Things went well until we passed by a man with his small ankle biter dog (that I'm sure the Huskies thought was a cat). The dogs were doing well and ignoring it until Raven make a quick turn towards the dog. By the time I was off the sled and to her she had the dog by the throat and had picked it up off the ground. I got her to release it and it took off running down the trail (the man eventually caught his dog before the other two sled teams came up the trail). After that whole mess, I got the dogs lined out and we continued on. We probably made it about 2 -2.25 miles up the trail before I decided our dogs had had enough pulling (after all they are new to it and need to be conditioned to this type of running/work). The way back was all down hill and we passed by the man with his dog, whom I apologized to and who was very understanding of the whole ordeal. At one point during the run after we turned around and Nicki was still headed up the trail with her team, I switched Raven and Kona in the traces because Raven wasn't interested in leading. Kona did an amazing job! She is a REALLY hard worker, aims to please and does what she's asked...which I now realize makes her our best candidate for lead dog of the three. And after that day, I'd say she'd do a pretty good job. Blue also worked really hard. You could tell she was sore and would fall back in the traces but then would surge forward and pull for a bit before falling behind again and continuing the cycle. She worked hard but you could tell she was either tired or her hip was sore.
This was another great mushing adventure and we're getting pretty serious about it. We want to get a few more dogs, all Siberians, and especially a trained lead dog, Right now we're putting those plans on hold until next fall/winter season because Cobey is moving to Alaska for seasonal work this spring through fall. But we'll keep you posted on any new advances in our sled team.
We were ready for just pure chaos; the dogs trying to run every which way except for forward, but with such a good lead dog as J.C. in the front they quickly fell into line and just pulled. I took them out first and Cobey brought them back in. It was a nice, easy, gradual uphill and the snow had been packed down some by snowmobilers. It was a beautiful sight seeing them run and they impressed us and the other mushers how quickly they picked up on it. Nicki told us many times she sees this with Siberian huskies because they are bred to do this sort of thing.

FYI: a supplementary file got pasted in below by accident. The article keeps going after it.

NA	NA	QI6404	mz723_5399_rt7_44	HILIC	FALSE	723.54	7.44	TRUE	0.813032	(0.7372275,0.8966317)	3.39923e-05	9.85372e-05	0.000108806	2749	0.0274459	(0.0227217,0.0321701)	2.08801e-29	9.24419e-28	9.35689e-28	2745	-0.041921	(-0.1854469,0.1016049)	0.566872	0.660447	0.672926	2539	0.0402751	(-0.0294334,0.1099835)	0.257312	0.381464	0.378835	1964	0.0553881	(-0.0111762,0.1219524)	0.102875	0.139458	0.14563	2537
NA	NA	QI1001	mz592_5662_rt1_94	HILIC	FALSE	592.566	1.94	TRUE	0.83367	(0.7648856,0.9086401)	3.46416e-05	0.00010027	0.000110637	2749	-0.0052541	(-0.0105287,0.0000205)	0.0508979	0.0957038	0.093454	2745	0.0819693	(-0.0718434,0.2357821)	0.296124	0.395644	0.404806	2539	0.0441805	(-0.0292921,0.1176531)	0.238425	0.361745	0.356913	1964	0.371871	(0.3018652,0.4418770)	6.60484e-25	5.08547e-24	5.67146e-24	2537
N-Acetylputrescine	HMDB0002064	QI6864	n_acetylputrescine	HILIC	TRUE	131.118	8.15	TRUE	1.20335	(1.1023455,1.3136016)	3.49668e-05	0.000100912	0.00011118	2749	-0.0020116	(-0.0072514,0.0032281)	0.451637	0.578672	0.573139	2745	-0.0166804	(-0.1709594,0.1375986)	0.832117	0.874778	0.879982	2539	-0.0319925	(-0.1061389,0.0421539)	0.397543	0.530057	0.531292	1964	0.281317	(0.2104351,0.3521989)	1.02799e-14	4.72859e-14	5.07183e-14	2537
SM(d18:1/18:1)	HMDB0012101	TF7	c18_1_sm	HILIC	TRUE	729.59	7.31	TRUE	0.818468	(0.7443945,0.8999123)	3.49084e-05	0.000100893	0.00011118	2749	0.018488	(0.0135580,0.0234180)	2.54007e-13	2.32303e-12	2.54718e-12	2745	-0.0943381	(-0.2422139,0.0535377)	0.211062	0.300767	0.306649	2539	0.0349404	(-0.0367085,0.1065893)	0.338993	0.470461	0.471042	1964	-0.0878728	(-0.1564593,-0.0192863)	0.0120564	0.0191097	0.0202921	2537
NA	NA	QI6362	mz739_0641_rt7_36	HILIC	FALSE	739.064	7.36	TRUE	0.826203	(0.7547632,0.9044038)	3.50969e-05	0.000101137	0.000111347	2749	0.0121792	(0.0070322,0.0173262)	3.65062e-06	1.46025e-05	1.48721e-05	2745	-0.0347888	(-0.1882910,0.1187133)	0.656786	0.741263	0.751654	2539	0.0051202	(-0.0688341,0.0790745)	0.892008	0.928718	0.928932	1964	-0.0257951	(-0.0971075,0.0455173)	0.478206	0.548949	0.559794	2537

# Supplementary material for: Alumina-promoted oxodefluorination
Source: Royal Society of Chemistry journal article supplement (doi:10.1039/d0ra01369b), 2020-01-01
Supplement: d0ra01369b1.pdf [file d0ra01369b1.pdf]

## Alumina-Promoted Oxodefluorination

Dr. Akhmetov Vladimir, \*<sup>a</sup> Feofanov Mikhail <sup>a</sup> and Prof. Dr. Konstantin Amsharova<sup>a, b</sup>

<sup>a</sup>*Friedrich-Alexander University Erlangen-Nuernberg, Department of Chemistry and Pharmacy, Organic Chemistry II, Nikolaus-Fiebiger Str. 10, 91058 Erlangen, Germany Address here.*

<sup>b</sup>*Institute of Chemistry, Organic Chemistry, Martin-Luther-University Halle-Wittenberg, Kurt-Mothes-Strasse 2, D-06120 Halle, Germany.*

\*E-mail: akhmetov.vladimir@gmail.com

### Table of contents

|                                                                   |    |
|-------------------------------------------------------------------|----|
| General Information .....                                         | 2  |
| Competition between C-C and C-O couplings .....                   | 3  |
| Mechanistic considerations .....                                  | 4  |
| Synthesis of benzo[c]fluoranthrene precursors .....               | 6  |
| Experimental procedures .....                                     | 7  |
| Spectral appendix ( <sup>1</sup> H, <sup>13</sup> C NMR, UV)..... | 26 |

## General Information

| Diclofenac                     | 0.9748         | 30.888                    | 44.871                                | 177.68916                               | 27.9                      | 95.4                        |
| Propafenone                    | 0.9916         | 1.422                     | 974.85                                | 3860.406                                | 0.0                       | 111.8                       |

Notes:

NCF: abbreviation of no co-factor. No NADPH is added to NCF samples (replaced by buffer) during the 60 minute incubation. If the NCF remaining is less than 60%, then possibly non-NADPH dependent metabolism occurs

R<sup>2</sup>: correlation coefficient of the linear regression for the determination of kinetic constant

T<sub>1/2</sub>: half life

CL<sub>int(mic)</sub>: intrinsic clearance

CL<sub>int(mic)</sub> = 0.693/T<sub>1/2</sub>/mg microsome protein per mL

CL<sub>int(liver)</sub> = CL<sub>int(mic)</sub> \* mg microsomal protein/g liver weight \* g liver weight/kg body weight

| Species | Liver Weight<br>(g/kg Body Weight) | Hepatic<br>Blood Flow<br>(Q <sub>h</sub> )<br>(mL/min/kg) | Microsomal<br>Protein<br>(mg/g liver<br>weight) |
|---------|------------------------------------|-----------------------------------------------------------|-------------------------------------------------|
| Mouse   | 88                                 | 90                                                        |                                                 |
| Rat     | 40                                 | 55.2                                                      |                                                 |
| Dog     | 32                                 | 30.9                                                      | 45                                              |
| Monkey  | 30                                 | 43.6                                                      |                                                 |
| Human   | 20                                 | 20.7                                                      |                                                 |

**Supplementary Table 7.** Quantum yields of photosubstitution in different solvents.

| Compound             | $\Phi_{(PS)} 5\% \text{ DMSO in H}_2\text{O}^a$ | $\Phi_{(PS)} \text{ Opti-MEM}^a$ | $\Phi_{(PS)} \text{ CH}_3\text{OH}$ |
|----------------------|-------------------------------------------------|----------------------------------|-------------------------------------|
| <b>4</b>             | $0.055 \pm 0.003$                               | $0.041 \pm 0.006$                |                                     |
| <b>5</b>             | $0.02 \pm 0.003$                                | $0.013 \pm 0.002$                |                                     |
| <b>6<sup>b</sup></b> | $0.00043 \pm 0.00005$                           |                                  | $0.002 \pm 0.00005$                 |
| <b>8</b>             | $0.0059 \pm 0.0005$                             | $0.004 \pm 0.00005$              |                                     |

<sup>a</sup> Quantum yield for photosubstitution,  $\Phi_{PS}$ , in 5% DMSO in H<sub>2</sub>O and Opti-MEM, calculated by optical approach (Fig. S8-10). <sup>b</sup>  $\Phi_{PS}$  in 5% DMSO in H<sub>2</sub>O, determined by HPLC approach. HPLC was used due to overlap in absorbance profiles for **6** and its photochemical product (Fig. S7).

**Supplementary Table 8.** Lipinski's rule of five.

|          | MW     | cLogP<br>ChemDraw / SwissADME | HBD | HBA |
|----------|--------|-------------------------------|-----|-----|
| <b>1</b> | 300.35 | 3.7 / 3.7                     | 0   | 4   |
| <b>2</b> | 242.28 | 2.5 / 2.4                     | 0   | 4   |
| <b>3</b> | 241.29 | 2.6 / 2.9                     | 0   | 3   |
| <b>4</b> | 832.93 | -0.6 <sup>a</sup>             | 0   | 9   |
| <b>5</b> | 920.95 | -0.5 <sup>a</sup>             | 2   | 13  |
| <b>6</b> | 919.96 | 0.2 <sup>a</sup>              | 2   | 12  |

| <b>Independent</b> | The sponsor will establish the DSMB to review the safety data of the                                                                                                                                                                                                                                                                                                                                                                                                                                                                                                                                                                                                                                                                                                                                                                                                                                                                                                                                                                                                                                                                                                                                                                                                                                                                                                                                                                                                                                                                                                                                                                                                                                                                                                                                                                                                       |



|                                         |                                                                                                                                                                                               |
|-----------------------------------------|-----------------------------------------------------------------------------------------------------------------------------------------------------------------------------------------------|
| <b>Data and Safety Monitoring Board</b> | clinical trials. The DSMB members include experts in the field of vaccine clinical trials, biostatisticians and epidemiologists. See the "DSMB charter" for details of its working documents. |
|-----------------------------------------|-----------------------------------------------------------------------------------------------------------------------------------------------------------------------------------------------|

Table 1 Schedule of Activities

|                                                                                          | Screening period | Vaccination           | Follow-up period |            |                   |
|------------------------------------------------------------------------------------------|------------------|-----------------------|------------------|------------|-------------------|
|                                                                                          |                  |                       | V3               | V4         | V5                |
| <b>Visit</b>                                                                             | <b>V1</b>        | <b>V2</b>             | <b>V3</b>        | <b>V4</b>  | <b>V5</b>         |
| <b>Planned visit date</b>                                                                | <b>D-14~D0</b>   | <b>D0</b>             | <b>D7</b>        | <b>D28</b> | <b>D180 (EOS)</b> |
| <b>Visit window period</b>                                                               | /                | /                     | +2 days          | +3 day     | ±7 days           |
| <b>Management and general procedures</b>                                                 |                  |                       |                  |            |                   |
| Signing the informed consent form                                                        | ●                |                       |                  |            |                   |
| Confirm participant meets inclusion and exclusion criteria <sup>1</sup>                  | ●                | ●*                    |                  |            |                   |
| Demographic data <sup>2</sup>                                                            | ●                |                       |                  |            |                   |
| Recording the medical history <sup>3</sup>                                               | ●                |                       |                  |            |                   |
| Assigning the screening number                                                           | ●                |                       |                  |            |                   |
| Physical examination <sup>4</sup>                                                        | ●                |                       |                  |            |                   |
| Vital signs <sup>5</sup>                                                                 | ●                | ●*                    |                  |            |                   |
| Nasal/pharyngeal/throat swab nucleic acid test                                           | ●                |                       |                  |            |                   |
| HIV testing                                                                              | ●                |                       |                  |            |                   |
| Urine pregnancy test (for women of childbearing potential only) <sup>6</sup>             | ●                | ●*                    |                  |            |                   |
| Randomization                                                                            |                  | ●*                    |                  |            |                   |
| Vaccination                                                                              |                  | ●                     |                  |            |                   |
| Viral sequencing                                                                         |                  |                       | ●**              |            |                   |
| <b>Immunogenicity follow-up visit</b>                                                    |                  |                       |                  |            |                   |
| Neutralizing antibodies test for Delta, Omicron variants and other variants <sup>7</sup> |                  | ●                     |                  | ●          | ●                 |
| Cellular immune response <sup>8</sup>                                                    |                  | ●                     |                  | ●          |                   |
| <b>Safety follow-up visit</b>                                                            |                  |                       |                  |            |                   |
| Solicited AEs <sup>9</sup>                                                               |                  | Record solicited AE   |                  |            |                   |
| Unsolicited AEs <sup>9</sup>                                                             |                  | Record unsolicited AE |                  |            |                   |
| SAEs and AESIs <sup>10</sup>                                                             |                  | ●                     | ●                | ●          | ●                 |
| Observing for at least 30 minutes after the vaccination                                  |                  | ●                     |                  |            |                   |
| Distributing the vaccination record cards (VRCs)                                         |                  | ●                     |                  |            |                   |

All did exceptionally well but Kona was the champ of the day! She pulled hard the whole time. When she'd get tangled in the line she would untangle herself. Tensaw on the other hand does not know how to untangle himself. He got tangled many times but kept truckin' along like nothing was wrong. While they all pulled well at the beginning you could tell Blue was getting worn out by the end and wasn't doing her share of the work. Tensaw had some intenstinal distress during the sledding and caused a little bit of chaos when he stopped numerous times trying to relieve himself. The positions we put them in the traces seemed to work out perfectly for them.
All mushers and dogs enjoyed the time immensely. This will definitely not be the last time we take the dogs out sledding...we're hooked!
Brandi and Cobey
Nicki, a musher in the Bitterroot, put on a pull clinic and we decided to take the dogs. It was very chaotic when we arrived, Tensaw began talking to the other dogs and continued to talk throughout the entire training (earplugs next time?). Blue and Kona had done some pulling in harness before, specifically with Cobey on a longboard. Both did well when pulling Cobey and I walking behind them. When the chains were attached behind them, Blue and Kona got very nervous and took a while to get used to them. Once they warmed up to it they did well.
Tensaw the 1 year old male took to it all very well. He pulled hard and was not fearful of it...but he has a distraction problem when it comes to other dogs. He will make a very good sled dog once we get him trained to ignore the distractions. Nicki said all of our dogs, but especially Tensaw, are built well for sled running, they have long torsos which make for better strides. Last in the training today, each dog pulled a wheeled cart with Nicki's husky J.C. It was thrilling to see them working and pulling; something they were made to do.
The way the dogs responded to the training today gave us some idea of where each dog would ideally work in the traces. Our thought was that Tensaw would be a lead dog (at least of the three of ours), Kona would be a wheel dog, and Blue would need to be in the middle, having dogs behind and in front of her to keep her working. Nicki invited us to join her tomorrow and to put our dogs in the traces with her dogs. More to come on that event!
Brandi and Cobey